I have a degree in English literature. RPGs do not figure into that field's critical paradigm at all. TTRPG genres haven't "begun" to develop their own nuances, they did that within months of D&D's appearance and have spawned at least one medium's worth of nuances and massively impacted another's. The academic critical view of "pulp" could not be less relevant to a discussion about what Savage Worlds is good for.
It certainly doesn't mean that the way hobbyists and laymen use terms is somehow subservient to how an academic uses terms. That's not how language works.
I might be missing something here, but Reynard isn't arguing that the way hobbyist and layment used pulp is subservient to how academics use it. He seems to be arguing the opposite. The academic meaning, insofar as gamers are concerned, amounts to a hill of beans. i.e. It's not at all relevant.
 

I might be missing something here, but Reynard isn't arguing that the way hobbyist and layment used pulp is subservient to how academics use it. He seems to be arguing the opposite. The academic meaning, insofar as gamers are concerned, amounts to a hill of beans. i.e. It's not at all relevant.

Yes, but when we as hobbyists say, "Call of Cthulhu is cosmic horror" we as hobbyists are deliberately evoking the cosmic horror literary genre. There are elements of the cosmic horror literary genre that the cosmic horror TTRPGs are specifically trying to recreate and include.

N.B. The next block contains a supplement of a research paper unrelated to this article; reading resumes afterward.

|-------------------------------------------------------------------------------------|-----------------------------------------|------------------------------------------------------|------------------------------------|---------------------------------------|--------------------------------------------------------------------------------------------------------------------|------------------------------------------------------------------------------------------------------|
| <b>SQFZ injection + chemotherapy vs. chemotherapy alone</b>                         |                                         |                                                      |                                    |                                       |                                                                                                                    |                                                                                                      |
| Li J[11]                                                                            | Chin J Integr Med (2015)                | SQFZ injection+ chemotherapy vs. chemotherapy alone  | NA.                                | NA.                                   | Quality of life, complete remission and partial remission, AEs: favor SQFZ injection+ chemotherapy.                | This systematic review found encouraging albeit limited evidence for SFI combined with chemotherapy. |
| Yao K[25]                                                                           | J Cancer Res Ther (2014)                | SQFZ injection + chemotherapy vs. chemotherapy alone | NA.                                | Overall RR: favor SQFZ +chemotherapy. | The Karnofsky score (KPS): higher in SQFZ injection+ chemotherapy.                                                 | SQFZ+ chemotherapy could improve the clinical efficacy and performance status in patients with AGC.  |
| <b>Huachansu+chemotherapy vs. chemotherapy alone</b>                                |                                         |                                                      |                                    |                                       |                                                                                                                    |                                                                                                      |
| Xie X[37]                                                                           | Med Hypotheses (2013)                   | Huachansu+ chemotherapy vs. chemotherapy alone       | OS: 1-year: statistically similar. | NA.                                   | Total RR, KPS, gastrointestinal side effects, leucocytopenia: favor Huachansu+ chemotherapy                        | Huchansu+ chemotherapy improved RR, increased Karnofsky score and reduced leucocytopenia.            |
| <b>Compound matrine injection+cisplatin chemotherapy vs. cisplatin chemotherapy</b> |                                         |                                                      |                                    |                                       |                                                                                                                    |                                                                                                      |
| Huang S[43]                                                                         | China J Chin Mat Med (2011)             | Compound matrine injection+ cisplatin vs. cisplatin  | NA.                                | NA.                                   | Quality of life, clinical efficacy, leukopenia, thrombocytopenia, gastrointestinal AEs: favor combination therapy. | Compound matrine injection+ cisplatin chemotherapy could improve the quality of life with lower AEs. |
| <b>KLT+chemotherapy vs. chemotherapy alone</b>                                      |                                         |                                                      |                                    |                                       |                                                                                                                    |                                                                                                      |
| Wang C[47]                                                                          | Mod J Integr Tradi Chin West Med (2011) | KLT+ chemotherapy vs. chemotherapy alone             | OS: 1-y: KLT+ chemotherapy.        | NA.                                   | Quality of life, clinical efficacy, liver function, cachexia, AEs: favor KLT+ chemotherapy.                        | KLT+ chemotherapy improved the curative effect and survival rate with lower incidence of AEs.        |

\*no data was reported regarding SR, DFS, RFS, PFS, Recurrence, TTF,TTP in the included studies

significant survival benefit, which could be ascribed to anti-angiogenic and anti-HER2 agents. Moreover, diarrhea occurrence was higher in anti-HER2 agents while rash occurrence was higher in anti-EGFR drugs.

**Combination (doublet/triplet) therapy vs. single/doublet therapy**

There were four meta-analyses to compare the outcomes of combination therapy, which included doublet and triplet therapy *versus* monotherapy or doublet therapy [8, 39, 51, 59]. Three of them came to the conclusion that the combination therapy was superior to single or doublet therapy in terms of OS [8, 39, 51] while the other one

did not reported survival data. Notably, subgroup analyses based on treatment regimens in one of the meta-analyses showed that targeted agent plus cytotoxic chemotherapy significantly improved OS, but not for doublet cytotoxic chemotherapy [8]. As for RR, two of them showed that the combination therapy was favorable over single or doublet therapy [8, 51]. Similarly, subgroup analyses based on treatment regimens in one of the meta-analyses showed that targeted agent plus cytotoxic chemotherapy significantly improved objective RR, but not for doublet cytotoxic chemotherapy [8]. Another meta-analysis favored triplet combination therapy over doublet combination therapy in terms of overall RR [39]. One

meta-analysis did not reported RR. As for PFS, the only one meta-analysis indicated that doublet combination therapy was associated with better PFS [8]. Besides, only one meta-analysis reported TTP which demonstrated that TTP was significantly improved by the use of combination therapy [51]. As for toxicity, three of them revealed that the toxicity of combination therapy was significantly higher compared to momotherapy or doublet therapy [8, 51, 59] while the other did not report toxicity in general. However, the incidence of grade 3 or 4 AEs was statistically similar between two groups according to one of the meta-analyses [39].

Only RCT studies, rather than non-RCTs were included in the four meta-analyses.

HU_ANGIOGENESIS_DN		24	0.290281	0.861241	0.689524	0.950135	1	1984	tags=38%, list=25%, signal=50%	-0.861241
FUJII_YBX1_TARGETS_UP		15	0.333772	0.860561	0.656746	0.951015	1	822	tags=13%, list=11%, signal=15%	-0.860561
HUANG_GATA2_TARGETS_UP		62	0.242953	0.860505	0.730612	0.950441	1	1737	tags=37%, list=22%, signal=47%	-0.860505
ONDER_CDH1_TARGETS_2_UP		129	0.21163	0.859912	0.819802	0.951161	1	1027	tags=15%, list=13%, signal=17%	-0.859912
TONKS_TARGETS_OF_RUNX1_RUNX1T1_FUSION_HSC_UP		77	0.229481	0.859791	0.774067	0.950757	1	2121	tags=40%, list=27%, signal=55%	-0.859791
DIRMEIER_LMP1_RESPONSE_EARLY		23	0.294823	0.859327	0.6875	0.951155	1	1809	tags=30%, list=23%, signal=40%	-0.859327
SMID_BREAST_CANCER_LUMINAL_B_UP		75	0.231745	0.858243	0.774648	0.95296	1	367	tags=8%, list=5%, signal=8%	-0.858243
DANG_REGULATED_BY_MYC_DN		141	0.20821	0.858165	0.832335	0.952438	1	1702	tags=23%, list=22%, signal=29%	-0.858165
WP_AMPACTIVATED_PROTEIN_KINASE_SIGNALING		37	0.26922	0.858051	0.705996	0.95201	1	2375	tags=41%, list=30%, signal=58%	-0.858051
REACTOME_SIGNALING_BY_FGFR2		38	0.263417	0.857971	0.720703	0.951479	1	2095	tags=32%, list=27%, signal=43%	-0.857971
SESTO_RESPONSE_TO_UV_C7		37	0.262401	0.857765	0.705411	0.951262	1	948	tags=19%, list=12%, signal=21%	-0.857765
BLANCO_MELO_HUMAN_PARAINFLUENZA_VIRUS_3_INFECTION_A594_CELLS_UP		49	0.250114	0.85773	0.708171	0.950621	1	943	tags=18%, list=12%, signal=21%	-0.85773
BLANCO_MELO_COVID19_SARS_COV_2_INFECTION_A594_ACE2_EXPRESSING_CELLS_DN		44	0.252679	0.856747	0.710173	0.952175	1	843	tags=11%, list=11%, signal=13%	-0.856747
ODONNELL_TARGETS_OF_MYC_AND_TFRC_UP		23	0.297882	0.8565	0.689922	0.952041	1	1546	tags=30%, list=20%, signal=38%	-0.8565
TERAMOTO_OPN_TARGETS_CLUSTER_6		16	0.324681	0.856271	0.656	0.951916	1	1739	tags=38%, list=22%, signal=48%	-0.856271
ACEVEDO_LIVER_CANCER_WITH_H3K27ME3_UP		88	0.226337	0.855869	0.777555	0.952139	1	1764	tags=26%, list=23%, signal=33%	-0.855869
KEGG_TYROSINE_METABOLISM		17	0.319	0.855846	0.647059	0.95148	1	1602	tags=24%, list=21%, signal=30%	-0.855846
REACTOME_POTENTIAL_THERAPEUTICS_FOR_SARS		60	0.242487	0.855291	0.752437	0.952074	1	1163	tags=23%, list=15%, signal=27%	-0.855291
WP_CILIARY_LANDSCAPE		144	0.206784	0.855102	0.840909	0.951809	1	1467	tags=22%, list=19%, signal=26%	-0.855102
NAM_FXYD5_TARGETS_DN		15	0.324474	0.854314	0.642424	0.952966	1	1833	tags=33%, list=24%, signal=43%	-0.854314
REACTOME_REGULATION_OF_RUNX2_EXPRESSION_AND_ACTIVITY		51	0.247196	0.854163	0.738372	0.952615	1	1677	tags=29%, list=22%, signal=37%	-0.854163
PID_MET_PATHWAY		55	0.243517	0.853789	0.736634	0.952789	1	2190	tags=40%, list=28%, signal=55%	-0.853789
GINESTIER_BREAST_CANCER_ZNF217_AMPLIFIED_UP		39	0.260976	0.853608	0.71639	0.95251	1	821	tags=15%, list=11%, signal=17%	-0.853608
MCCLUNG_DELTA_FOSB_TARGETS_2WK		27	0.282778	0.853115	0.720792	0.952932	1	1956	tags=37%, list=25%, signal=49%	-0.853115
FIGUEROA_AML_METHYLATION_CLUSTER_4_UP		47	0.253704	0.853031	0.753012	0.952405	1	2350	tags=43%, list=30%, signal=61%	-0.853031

When we as hobbyists say, "D&D is high fantasy" we as hobbyists are deliberately evoking the high fantasy literary genre. There are elements of the high fantasy literary genre that the high fantasy TTRPGs are specifically trying to recreate and include.

Therefore, it's entirely reasonable, as a hobbyist, to think that when we say, "Savage Worlds is pulp," that we as hobbyists are deliberately evoking the pulp literary genre. There are elements of pulp magazines that the pulp TTRPGs are specifically trying to recreate and include.

But knowing that "pulp fiction" was largely used in a derogatory way for a significant portion of it's history... you can see why it might be confusing.

So saying, "But that's not what English academics mean," just doesn't matter. Nobody is doing a 1-to-1 match of every nuanced element.
 



jdrakeh

Front Range Warlock
You're supposed to add trappings to the powers that help make them less generic. If your character purchases the Bolt power, what trappings does it have? Is it a bolt of fire? Acid? Ice? These things could modify the damage or have other effects. But some people might find it too generic even then.

The trappings are the coat of paint I referred to. ;)
 

Reef

Hero
The trappings are the coat of paint I referred to. ;)
It’s not the trappings so much, but the modifiers. As @thullgrim mentioned, there’s even a document that shows how to recreate most of the common spells using this modifiers.

Using those modifiers (which are available to all casters), you can recreate the vast majority of D&D spells with a hand full of powers. Got Bolt and Blast? Well, you’ve pretty much got all the direct damage spells, at the cost of two powers.

Yeah, it’s boring if the player constantly spams “Bolt”. But the game encourages them to individualize each spell. In fact, I’d probably encourage players to ‘pre-build’ some common options for themselves, but there’s nothing stopping them from doing it on the fly as they cast.